Rhythms of Grace

by Chris Koellhoffer, IHM, August 28, 2016

One of the sweetest of lullabies has to be the reassuring evenness of rolling waves breaking on the shore, over and over again.  Anyone who has spent time by the ocean on a stormless day or night knows that familiar, gentle song.

This continual meeting of sea and sand opens the heart and mind to notice other rhythms as well.  Morning sun peeks over the horizon and evening sun sinks in a blaze of color.  A daily walk reveals the routine of animal companions who are creatures of the dawn and dusk: dolphins swimming back and forth on some kind of aquatic timetable; the cautious red fox, the family of skunks, the watchful rabbit, the Purple Martins fluttering in and out of their houses in day’s first light, all going about the tasks of scouting, feeding, caregiving.  Over and over, purposefully, with attention to their surroundings, following a pattern and pausing at regular intervals during the day.

Taking in the rhythms of the natural world reminds us that there are rhythms to the life of the spirit as well.  One of these is the Examen,  a way of reflecting on the events of the day and discerning the movement of our hearts, God’s grace at work in us, and how we have responded.  This way of reflecting is described by St. Ignatius Loyola, founder of the Society of Jesus, in his Spiritual Exercises.

rhythm sunriseAn examen-type reflection can take place at any time.  You might pause midday to discern how the day is unfolding.  You might enter into it in the evening, taking a sacred break as night approaches.  It’s an invitation to become aware of how God has been present.  To savor one or more moments of the day, and give thanks.  To notice when you loved and when you were loved.  To express sorrow to God for anything you regret and to ask for forgiveness.  To look forward to a new day and to ask for God’s grace as you begin anew.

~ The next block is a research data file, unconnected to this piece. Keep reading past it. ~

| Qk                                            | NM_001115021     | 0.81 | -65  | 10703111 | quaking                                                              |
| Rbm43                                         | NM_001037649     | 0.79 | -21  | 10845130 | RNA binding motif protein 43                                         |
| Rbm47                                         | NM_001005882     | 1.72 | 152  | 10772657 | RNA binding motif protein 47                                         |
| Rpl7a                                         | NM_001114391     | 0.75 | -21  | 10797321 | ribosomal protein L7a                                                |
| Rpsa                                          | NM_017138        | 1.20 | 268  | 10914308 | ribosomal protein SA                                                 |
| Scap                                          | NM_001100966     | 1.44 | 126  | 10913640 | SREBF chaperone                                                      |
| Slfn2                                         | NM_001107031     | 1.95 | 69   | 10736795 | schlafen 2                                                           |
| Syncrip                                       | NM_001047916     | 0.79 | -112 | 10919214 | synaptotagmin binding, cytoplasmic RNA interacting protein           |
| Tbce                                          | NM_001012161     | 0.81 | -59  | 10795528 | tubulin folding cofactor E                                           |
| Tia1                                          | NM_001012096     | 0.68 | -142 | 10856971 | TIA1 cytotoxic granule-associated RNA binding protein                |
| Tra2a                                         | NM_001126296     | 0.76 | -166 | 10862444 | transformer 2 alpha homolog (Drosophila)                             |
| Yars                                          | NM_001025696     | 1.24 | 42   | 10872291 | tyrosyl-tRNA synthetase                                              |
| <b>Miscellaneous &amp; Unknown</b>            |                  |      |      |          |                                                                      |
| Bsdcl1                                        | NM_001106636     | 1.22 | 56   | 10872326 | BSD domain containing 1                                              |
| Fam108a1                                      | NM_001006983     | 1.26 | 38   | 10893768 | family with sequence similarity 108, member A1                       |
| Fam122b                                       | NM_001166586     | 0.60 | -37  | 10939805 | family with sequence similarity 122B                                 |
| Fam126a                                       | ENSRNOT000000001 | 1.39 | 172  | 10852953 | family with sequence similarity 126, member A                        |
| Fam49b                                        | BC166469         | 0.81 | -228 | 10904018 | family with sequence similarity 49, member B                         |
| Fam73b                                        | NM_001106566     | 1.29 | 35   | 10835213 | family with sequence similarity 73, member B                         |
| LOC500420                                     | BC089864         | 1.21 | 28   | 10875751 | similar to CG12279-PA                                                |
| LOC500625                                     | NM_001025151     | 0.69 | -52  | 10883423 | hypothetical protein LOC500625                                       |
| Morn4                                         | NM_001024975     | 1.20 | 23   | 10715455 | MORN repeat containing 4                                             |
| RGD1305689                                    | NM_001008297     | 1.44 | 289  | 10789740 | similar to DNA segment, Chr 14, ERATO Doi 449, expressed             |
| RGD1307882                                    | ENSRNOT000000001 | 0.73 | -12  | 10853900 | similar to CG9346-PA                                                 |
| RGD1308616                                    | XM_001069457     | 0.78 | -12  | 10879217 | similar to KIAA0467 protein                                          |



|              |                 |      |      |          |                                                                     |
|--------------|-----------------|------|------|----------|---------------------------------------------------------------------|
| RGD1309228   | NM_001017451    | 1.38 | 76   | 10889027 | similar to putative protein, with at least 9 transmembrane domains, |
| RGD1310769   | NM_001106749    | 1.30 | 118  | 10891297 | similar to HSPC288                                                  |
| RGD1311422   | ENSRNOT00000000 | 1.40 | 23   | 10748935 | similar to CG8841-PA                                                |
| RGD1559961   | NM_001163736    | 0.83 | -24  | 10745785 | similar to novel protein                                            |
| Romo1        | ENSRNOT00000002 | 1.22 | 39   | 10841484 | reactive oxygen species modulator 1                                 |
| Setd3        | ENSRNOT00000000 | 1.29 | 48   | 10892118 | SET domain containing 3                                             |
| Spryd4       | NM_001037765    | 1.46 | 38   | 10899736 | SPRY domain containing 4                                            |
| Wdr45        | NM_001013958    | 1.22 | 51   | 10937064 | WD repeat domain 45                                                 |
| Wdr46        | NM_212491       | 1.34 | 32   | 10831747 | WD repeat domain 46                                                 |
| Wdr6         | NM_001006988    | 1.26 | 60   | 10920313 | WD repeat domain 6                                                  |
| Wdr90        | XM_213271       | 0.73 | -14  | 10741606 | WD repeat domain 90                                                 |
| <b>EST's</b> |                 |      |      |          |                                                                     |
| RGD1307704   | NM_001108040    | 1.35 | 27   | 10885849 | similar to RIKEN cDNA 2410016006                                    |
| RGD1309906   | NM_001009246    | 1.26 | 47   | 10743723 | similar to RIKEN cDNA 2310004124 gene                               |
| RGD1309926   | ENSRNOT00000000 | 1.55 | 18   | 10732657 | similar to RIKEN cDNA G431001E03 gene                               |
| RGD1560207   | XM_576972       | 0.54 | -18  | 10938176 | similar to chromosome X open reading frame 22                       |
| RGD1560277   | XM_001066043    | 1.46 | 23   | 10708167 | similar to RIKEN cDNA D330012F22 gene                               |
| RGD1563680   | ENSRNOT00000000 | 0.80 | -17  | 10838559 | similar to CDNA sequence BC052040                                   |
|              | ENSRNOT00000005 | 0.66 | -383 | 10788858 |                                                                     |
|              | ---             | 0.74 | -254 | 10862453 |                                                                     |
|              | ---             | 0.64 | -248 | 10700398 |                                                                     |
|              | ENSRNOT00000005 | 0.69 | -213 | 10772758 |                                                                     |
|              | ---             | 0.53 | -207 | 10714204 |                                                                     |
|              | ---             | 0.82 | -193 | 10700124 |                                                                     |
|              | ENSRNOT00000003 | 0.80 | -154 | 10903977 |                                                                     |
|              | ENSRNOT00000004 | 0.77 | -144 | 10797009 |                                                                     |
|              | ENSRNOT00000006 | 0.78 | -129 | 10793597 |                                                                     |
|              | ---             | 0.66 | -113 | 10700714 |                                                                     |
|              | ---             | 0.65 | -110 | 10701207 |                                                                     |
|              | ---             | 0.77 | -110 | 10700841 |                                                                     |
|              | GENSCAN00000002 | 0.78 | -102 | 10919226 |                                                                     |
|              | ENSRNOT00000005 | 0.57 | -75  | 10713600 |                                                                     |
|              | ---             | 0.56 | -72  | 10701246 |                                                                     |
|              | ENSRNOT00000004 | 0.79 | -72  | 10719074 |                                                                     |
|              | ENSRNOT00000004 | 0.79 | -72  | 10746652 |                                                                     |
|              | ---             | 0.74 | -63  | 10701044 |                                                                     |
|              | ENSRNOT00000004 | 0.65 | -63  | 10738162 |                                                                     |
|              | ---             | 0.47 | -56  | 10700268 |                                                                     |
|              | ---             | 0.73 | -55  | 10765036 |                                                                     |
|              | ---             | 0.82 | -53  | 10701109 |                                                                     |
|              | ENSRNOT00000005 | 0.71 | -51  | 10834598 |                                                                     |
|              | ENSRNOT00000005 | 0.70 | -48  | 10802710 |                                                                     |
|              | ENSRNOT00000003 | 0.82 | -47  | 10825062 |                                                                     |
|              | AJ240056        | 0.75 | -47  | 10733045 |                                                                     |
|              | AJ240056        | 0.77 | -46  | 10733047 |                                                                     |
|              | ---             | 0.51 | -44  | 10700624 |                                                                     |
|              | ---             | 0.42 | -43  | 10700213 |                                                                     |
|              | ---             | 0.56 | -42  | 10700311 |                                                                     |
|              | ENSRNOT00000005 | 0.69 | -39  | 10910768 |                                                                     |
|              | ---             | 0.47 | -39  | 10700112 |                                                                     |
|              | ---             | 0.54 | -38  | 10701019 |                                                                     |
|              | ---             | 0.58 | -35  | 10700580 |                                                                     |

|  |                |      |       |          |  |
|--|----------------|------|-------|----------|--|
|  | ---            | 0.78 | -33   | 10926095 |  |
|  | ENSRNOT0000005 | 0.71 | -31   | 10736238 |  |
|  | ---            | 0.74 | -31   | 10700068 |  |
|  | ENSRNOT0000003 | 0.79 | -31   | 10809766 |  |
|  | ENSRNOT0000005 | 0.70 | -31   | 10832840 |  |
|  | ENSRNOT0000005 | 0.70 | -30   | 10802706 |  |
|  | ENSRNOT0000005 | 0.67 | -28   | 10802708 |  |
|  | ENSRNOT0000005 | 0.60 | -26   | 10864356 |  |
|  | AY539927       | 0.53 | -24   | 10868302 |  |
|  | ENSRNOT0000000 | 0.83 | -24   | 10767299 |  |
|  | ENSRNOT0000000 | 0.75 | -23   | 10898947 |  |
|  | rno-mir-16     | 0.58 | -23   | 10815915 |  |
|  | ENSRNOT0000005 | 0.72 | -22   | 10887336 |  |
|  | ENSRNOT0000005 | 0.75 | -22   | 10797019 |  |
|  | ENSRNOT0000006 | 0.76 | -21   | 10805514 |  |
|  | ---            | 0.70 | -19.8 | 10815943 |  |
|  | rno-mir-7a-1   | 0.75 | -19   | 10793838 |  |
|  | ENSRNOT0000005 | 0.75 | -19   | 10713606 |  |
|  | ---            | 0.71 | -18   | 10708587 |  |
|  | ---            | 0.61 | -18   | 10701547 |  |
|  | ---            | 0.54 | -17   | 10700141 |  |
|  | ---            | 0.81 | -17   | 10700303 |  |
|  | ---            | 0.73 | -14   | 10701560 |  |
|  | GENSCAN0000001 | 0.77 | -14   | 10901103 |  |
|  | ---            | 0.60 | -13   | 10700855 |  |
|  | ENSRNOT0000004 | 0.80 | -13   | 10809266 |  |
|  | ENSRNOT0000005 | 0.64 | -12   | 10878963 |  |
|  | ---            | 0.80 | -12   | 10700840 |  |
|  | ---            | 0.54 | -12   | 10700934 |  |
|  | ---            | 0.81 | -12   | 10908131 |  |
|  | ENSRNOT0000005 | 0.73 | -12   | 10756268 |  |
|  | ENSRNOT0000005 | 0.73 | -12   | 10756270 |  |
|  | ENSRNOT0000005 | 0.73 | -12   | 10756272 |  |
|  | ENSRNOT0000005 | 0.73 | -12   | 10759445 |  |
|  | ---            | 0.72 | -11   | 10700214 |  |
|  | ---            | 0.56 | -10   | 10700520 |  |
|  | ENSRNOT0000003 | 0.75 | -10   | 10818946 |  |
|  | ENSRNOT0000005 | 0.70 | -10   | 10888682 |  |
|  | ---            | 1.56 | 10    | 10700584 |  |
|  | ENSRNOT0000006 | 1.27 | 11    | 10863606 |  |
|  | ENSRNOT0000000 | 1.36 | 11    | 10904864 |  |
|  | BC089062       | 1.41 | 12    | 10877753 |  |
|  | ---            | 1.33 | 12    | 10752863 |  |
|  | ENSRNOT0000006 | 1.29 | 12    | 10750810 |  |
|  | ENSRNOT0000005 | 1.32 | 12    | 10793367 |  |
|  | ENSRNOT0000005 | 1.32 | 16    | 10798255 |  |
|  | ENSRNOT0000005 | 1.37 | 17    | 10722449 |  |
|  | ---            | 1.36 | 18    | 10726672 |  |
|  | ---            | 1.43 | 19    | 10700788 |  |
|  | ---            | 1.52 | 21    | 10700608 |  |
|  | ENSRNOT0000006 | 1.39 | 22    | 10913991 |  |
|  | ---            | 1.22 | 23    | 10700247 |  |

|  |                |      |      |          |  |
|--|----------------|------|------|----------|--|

Over many years, I’ve been attentive to other expressions for reviewing the day.  Sometimes asking questions in a fresh, creative manner enables us to see with new eyes and hear as if hearing for the first time.  One of the  most compact distillations of an Examen I’ve ever heard came in the words of a small child, who reflected that when he said his prayers at night, he thought about “where I did good and where I messed up.”  What a great Examen!  Brother David Steindl-Rast practices an Examen of gratitude, where, at the end of the day, he names one or more new things for which he has never before expressed gratitude.

In To Bless the Space Between Us, John O’Donohue offers “At the End of the Day, A Mirror of Questions,” as a way to reclaim the sacred in your everyday moments.

Here are some of my favorite questions in that mirror at day’s end:

Where did my eyes linger today?
Where was I blind?
Whom did I neglect?
Where did I neglect myself?
What did I begin today that might endure?
Where did I allow myself to receive love?
From the evidence—why was I given this day? 

In Seven Sacred Pauses, Macrina Wiederkehr offers her own list of reflective questions, including:

Have I been a good memory in anyone’s life today?
Have the ears of my heart opened to the voice of God?  to the needs of my sisters and brothers?
What do I know, but live as though I do not know?
How have I affected the quality of this day?
Is there anyone, including myself, whom I need to forgive?
When did I experience my heart opening wide today?
What is the one thing in my life that is standing on tiptoe crying, “May I have your attention, please?” 

The invitation is before us to pause and reflect on what attracts us and grabs our soul,  on what we resist on any given day, on where we invite love to flow through us and where we place obstacles to love.  With God’s grace, may we develop or deepen the regular practice of prayerfully reviewing the day and take a sacred pause this day and in all the days to come.